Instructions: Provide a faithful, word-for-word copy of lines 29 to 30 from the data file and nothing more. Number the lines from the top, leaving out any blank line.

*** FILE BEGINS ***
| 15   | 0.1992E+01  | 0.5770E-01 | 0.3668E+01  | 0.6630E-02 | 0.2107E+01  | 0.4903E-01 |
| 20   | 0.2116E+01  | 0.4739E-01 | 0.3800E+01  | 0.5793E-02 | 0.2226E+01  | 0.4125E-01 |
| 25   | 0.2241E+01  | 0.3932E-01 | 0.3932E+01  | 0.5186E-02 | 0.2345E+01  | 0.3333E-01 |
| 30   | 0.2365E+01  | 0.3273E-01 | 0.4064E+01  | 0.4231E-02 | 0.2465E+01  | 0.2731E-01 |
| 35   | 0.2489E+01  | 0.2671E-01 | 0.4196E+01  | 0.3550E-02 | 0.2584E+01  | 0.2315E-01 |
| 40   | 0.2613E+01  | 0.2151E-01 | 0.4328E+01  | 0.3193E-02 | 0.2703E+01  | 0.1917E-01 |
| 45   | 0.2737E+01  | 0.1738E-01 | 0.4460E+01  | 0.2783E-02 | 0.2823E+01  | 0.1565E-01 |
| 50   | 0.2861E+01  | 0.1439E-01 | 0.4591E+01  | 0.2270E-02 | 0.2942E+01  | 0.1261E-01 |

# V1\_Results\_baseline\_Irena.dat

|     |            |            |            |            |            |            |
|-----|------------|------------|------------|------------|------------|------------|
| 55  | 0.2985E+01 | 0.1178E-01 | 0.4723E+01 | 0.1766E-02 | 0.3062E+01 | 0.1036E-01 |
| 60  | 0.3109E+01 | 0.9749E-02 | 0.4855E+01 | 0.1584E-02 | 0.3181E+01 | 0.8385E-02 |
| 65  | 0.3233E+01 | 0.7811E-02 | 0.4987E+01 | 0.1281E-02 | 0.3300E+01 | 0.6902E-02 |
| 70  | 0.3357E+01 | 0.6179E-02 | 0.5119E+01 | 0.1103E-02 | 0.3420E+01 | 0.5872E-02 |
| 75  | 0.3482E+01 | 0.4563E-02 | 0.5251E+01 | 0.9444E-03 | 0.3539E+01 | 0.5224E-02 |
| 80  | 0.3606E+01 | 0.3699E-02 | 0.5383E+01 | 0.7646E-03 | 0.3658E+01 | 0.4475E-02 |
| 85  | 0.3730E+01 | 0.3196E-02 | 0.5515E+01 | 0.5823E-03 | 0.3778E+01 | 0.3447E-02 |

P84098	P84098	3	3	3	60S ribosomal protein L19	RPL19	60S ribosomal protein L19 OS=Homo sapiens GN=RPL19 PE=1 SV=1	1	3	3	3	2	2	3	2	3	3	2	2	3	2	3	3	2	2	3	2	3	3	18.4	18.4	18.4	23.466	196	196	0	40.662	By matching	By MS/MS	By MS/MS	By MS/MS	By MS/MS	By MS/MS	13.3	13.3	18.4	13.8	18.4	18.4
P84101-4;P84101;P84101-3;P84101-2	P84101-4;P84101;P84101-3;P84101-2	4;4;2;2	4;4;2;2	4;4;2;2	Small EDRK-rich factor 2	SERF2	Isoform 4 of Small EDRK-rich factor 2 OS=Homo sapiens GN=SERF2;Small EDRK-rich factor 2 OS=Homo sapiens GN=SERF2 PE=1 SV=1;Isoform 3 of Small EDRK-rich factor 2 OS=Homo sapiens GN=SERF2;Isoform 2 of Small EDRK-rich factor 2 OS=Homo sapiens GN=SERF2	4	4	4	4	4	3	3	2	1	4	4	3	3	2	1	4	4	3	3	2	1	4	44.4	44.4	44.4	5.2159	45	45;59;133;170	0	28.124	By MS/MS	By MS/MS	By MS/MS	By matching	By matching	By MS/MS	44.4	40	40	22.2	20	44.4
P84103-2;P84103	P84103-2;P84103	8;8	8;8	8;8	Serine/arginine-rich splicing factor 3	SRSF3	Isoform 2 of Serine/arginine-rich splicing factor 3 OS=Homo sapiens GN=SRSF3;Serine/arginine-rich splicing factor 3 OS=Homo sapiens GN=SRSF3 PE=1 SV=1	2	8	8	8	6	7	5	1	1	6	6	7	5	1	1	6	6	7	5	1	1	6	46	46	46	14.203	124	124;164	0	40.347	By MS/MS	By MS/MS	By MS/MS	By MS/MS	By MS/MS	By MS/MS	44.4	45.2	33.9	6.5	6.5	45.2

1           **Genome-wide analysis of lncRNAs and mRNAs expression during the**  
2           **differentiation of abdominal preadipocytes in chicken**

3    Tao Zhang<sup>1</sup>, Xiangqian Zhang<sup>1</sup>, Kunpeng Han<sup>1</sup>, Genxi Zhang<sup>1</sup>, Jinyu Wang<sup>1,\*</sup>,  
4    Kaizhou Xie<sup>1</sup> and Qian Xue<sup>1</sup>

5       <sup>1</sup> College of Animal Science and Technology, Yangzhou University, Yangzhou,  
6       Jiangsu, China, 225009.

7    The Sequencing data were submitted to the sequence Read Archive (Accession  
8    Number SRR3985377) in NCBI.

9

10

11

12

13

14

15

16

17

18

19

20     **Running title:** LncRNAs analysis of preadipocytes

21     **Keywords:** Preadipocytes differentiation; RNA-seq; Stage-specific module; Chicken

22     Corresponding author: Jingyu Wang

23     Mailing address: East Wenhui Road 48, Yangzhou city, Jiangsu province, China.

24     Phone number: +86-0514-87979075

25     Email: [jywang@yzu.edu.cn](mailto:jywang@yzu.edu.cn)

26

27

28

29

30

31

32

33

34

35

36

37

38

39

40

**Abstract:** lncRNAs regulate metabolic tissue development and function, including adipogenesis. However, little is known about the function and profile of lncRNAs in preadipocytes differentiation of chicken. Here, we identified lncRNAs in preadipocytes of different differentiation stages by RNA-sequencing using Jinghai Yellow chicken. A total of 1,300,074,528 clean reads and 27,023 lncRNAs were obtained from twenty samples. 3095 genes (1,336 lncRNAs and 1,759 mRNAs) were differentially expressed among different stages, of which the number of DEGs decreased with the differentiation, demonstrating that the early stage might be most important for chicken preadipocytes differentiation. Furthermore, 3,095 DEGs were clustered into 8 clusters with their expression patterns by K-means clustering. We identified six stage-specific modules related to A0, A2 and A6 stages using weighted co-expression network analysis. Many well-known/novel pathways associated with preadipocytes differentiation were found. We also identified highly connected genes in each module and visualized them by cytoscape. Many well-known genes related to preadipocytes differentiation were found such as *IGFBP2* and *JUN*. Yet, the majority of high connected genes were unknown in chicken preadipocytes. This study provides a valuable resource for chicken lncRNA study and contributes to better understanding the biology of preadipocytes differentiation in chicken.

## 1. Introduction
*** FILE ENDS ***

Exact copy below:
8    Number SRR3985377) in NCBI.

9